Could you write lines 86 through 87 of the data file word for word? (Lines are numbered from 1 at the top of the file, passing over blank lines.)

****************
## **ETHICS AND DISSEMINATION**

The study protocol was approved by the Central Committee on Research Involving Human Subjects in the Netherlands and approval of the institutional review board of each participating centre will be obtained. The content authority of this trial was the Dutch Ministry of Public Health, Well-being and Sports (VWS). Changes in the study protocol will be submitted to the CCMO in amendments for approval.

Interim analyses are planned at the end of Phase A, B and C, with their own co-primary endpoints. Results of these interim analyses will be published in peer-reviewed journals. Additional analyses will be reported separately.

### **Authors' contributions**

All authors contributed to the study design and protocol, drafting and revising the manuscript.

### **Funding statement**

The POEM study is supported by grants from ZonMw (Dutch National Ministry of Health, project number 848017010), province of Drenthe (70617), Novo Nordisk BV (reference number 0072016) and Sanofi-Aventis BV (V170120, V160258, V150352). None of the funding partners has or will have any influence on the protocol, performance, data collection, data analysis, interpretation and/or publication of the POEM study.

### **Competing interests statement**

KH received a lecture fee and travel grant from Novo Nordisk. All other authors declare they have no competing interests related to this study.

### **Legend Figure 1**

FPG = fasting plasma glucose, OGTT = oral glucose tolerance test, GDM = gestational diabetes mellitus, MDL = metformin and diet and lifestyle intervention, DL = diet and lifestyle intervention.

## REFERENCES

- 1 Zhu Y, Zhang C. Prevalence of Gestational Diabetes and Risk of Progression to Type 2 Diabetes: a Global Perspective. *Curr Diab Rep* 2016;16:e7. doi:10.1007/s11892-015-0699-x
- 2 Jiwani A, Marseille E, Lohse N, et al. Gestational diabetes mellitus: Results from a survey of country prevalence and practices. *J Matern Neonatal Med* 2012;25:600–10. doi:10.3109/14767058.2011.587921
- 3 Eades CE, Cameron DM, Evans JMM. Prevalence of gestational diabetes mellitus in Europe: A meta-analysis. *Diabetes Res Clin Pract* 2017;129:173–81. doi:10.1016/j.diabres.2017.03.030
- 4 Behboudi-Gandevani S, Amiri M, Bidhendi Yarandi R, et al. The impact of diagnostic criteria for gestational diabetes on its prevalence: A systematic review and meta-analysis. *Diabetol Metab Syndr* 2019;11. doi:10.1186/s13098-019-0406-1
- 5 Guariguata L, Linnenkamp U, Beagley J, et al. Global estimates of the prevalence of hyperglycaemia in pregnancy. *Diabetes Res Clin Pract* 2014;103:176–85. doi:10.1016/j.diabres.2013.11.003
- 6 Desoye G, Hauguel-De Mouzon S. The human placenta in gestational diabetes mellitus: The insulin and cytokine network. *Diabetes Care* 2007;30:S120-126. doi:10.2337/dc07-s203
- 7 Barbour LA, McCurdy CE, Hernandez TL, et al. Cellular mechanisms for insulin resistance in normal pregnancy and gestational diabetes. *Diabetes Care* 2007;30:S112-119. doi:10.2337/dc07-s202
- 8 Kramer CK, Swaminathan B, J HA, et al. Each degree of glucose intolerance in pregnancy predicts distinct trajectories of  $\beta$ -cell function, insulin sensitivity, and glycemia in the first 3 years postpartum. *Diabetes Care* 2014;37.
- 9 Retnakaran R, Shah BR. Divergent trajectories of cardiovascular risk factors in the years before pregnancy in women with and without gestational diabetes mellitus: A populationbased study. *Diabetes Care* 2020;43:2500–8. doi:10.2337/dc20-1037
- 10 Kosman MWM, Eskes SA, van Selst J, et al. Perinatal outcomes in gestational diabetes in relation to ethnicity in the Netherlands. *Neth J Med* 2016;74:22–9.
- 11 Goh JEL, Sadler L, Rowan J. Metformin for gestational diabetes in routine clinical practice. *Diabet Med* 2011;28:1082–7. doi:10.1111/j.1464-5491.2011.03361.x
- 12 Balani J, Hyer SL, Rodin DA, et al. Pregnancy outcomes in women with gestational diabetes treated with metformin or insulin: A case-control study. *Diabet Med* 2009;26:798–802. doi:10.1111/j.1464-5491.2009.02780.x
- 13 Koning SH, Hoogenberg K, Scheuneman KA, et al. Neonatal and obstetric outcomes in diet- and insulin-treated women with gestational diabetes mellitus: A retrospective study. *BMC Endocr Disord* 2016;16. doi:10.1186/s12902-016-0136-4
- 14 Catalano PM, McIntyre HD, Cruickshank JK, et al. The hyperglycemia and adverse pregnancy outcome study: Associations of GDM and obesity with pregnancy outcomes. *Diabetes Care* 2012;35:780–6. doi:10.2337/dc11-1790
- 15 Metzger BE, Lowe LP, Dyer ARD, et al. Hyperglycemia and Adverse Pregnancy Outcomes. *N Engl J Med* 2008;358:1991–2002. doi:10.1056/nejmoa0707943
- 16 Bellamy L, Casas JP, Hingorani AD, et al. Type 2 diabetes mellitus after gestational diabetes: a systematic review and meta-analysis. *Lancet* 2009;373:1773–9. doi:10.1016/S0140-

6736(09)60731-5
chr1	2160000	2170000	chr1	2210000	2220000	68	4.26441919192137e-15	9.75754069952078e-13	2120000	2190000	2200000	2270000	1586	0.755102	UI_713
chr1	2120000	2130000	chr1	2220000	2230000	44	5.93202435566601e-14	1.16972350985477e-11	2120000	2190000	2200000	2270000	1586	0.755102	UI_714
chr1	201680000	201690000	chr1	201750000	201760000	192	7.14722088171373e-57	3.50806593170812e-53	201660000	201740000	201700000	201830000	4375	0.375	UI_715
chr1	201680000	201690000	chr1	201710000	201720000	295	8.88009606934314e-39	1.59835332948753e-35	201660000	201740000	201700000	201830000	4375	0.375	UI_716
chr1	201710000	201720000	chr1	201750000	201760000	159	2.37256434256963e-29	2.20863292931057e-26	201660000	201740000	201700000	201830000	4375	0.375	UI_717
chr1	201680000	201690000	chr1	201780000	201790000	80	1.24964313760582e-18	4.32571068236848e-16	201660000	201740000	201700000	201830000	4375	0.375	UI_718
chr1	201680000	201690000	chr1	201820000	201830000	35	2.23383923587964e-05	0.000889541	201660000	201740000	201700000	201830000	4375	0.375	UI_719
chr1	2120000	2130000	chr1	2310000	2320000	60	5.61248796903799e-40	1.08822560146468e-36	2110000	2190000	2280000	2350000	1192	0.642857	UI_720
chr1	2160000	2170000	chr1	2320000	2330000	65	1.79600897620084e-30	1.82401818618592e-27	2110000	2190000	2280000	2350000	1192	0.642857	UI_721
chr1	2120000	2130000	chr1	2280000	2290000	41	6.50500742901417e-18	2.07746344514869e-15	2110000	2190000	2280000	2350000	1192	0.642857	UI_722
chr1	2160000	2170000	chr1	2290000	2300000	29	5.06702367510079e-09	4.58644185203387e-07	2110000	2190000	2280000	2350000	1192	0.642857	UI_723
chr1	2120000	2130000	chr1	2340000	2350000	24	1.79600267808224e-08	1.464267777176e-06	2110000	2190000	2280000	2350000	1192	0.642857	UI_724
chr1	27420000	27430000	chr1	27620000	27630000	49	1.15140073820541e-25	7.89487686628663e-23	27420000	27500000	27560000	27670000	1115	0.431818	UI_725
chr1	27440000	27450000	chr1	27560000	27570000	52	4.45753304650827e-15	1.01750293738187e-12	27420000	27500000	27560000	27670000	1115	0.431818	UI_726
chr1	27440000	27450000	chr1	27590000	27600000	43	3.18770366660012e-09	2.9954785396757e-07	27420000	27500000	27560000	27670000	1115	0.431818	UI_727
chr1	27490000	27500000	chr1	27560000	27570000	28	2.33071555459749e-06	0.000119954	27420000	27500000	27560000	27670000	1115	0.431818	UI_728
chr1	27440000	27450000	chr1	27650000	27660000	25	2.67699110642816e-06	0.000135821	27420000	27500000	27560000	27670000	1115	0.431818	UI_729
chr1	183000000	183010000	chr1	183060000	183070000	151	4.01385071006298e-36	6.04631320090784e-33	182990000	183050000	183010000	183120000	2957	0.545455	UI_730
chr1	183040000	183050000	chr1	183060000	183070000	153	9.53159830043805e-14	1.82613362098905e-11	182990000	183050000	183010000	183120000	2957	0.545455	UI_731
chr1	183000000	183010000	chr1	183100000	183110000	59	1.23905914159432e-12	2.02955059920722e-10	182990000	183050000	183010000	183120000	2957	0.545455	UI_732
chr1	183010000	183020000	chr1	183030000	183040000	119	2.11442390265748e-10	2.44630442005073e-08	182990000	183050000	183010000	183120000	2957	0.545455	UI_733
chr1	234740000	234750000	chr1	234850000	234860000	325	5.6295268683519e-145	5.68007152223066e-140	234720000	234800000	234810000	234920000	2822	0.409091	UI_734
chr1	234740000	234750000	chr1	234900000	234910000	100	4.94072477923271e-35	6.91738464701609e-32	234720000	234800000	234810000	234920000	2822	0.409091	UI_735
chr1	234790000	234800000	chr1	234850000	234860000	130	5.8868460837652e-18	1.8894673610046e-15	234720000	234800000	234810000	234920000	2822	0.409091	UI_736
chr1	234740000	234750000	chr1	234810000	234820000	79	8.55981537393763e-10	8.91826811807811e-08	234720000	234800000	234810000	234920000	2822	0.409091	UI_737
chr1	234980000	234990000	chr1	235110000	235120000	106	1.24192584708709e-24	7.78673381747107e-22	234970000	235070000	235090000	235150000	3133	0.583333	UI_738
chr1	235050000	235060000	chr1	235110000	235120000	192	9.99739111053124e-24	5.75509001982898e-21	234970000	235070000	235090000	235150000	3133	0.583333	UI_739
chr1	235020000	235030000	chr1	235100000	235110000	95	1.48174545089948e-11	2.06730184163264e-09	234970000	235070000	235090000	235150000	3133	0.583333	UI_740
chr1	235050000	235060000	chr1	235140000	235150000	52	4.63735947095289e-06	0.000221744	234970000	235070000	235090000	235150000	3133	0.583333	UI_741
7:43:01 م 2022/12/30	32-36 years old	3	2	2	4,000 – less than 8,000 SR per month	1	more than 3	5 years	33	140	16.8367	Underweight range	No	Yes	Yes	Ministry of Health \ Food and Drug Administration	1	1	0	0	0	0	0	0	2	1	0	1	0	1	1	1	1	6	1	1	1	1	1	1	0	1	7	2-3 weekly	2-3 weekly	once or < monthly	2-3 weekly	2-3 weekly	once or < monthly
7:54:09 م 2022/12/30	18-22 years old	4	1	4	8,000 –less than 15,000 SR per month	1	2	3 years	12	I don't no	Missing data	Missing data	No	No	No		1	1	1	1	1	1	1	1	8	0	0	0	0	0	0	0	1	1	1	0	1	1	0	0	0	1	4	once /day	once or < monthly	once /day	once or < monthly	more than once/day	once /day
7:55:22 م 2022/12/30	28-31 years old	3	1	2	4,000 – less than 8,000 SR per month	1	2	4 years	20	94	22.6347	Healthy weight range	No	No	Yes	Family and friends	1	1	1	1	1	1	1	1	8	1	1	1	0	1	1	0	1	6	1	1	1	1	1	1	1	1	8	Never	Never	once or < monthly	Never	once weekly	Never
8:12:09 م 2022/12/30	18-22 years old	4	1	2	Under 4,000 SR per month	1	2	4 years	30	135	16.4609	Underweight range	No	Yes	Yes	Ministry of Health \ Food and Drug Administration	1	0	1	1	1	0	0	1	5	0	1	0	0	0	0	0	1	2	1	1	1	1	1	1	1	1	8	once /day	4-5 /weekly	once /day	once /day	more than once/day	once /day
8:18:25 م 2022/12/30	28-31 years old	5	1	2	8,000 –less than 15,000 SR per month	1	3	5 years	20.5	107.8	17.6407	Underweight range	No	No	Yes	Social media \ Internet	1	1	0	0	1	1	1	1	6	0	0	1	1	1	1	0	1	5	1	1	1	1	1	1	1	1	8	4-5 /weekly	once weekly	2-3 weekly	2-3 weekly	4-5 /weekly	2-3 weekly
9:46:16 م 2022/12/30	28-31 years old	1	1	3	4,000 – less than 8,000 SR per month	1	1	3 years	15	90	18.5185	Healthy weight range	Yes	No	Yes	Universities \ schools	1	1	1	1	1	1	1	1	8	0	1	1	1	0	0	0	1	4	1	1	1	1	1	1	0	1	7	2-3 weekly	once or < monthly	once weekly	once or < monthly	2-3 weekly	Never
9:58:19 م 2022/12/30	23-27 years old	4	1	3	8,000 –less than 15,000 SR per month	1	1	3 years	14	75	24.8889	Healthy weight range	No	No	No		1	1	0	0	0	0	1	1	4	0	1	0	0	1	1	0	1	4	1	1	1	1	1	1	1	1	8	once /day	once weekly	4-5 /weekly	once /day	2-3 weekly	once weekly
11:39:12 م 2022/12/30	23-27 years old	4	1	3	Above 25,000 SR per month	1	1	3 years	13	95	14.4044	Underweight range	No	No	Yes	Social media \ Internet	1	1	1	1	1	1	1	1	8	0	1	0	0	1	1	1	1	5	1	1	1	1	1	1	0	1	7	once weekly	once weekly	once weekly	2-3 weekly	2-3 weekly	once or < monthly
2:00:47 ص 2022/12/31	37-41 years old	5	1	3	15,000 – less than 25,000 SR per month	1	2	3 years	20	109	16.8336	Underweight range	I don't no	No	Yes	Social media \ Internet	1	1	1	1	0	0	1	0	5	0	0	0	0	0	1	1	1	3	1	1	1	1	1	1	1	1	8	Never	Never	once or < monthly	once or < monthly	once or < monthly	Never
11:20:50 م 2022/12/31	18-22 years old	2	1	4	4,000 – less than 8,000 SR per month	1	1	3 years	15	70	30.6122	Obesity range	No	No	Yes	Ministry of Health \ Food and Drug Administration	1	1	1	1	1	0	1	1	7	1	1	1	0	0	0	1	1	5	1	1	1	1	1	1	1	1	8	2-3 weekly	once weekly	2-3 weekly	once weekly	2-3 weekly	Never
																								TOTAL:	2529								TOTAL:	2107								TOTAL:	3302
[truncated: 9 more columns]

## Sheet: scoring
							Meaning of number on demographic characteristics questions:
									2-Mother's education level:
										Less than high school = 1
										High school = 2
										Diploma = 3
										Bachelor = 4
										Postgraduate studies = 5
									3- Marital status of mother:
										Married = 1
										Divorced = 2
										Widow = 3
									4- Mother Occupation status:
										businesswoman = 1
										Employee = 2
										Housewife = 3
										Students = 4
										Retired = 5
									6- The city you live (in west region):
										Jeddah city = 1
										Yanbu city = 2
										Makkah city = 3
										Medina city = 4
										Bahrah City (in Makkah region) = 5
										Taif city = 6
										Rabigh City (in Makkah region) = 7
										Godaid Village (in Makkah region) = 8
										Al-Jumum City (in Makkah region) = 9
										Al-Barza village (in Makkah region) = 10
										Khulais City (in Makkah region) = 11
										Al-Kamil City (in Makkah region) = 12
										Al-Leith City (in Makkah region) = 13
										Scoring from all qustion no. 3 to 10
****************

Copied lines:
										Housewife = 3
										Students = 4